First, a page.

Edit – 1 Jun 2017: The issue is a problematic patch that caused a breakage between 2.0.9 and 2.13. LXD 2.0.10 is currently in the SRU review queue, and once it lands in xenial-updates the problem should go away.
tl;dr: Nested LXD containers on Ubuntu 16.04.2 (Xenial) will break if you’re running LXD 2.12+ on the host machine, because the Xenial cloud image ships with LXD 2.0.9 and a version conflict between host and container causes nesting to fail.
I recently rebuilt a Mac Mini to work as the forth screen in my workflow. I googled around and pieced together what I needed to do by cherrypicking from various guides, and everything was running well until I updated to a new kernel and rebooted. I spent the better part of two nights trying to get the machine to boot.
Unfortunately, it happened just after I blacklisted a module to work around a USB bug that was causing one of my drives to go haywire occasionally, and it took a while before I finally figured out it wasn’t a problem with my change but the kernel itself.
Benchmarking and performance are interesting problems, especially in today’s growing cloud-based microservice scene. It used to be a question of “how does this hardware compare to that hardware,” but as computing and service-oriented architectures grow the question has evolved. How does my cloud and application stack handle this? It’s no longer enough to run PTS on your web server and call it a day.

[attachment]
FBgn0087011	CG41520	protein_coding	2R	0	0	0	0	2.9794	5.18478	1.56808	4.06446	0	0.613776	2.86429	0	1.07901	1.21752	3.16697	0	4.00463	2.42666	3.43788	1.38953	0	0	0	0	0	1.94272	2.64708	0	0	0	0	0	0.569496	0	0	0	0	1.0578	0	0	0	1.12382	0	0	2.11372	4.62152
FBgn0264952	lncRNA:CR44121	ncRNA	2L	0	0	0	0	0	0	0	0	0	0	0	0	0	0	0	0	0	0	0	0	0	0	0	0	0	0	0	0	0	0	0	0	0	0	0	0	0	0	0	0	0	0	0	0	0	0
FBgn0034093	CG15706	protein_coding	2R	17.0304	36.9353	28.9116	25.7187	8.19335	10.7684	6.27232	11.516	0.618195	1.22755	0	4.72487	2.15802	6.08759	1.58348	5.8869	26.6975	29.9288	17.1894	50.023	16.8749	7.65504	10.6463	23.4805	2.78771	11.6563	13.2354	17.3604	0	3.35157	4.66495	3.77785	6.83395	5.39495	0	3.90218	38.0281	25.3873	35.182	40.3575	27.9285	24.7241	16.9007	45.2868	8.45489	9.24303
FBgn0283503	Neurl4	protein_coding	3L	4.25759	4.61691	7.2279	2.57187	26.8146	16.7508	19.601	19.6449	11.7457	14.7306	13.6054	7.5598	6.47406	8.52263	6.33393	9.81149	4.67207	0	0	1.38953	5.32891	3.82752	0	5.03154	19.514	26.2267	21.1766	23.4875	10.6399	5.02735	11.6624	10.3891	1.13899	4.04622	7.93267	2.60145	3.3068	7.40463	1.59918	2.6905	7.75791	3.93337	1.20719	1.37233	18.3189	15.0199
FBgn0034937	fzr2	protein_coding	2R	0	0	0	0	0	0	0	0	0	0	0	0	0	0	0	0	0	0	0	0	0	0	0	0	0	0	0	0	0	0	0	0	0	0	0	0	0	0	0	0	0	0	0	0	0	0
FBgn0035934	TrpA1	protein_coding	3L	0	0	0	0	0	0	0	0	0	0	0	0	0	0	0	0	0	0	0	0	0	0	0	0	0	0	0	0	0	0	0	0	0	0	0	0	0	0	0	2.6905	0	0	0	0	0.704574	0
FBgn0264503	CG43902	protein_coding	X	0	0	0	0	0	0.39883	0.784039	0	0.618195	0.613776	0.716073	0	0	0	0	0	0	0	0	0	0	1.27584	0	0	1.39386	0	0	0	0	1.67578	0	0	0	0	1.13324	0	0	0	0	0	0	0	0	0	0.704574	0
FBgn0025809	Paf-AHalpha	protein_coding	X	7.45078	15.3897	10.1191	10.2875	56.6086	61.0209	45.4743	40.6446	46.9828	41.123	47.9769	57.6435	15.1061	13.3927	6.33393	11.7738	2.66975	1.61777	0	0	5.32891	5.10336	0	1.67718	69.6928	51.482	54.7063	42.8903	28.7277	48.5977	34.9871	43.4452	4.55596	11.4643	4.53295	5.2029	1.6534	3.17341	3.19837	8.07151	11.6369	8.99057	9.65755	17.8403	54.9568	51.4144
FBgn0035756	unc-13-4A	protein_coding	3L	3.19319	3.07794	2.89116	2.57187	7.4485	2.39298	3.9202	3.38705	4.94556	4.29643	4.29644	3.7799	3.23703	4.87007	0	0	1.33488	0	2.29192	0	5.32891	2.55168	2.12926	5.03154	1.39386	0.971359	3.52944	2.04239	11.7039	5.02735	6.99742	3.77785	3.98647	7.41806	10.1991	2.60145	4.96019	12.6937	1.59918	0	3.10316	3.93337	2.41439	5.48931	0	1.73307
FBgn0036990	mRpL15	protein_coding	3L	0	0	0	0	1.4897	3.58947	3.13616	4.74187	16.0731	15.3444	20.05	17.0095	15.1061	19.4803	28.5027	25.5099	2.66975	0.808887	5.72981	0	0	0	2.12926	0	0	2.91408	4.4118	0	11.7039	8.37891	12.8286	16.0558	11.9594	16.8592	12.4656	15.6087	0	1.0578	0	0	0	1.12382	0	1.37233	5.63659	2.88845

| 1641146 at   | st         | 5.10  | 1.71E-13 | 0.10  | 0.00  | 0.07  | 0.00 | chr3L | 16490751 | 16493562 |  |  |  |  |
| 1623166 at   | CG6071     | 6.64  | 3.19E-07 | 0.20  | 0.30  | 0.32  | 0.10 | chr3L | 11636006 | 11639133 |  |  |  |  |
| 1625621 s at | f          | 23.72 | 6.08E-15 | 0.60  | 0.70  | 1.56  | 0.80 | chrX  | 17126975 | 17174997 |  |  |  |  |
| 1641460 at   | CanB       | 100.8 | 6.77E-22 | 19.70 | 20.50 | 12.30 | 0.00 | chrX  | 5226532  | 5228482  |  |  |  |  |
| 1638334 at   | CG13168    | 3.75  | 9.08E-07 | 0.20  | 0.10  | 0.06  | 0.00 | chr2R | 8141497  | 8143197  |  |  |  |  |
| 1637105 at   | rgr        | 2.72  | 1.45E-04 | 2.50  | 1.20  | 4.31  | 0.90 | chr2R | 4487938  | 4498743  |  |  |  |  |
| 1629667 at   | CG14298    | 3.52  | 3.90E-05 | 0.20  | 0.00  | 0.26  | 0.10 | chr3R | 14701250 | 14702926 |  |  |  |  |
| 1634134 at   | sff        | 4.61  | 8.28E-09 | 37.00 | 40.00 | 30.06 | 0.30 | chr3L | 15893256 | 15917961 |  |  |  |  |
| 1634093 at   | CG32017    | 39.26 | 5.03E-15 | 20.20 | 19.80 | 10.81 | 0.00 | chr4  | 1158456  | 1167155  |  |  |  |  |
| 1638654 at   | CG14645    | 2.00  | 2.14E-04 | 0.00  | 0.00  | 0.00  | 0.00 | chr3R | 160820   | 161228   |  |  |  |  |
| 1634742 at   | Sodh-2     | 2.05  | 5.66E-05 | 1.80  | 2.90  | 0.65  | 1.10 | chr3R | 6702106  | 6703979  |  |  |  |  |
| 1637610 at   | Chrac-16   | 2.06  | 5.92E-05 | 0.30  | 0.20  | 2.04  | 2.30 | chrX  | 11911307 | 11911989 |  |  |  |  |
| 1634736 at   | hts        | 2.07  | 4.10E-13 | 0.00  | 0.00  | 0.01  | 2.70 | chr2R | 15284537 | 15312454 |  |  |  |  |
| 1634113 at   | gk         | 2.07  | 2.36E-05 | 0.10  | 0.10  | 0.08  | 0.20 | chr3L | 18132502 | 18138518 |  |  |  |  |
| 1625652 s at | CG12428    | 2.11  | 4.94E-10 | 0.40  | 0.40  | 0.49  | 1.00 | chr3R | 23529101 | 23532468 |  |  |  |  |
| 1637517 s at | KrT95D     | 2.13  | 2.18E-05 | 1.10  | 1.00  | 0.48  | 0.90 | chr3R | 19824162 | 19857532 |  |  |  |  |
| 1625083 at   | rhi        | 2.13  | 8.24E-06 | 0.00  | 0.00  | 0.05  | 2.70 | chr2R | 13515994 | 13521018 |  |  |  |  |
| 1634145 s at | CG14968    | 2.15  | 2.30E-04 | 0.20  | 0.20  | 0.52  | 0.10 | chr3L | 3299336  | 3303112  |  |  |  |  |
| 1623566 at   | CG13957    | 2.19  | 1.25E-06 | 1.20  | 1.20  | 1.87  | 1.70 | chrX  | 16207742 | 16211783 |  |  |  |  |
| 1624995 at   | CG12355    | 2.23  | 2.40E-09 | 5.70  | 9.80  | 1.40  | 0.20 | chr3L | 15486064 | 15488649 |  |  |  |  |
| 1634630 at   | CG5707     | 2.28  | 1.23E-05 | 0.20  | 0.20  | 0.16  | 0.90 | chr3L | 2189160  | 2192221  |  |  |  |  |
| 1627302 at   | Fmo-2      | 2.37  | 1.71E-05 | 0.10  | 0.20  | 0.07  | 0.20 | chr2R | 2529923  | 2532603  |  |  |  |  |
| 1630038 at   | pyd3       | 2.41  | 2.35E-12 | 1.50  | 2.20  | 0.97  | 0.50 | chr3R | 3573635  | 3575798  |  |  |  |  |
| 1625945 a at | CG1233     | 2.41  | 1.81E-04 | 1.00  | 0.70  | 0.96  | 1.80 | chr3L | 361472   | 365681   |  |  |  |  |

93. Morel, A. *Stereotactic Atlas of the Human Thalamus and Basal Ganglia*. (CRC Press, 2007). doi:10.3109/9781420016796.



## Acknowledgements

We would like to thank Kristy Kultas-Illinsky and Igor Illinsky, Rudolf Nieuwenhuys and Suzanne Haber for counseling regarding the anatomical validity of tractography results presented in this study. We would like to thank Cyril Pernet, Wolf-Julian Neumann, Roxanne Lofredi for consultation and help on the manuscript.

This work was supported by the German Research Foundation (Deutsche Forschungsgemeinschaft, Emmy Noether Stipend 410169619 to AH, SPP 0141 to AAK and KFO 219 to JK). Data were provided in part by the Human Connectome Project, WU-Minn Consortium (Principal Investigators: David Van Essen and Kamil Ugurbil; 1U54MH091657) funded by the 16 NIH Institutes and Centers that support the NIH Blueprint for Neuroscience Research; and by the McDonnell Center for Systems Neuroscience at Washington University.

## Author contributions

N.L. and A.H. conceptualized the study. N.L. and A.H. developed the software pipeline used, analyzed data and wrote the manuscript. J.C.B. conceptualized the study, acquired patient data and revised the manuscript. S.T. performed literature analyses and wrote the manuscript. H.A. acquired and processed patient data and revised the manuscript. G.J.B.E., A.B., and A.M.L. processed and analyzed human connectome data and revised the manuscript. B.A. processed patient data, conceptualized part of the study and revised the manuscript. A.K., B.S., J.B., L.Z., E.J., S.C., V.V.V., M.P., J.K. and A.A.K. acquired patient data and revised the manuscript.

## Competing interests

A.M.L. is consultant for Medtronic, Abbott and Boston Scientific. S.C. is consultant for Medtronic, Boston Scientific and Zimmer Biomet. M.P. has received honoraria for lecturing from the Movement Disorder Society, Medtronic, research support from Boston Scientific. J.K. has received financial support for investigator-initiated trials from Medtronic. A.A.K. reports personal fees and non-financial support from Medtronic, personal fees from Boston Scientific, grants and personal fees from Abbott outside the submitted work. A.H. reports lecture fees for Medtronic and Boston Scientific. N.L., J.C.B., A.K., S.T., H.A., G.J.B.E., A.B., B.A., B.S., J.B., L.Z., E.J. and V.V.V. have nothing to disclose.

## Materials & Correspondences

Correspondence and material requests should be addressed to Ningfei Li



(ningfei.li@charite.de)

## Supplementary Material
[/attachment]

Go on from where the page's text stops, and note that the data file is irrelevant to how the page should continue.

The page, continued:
Measuring every microservice in your stack, from backend to frontend, is a complex task.
I am delighted — tickled, in fact — to report that as of last Monday I am employed by Canonical, the company behind Ubuntu Linux.
I’ve joined the Ecosystem Engineering team, part of Cloud Development and Operations, as a software engineer. More specifically, I’m working on Juju, the cloud orchestration tool chain. I’ll be writing charms and documentation, working on optimizations, and helping to make a cool product even cooler.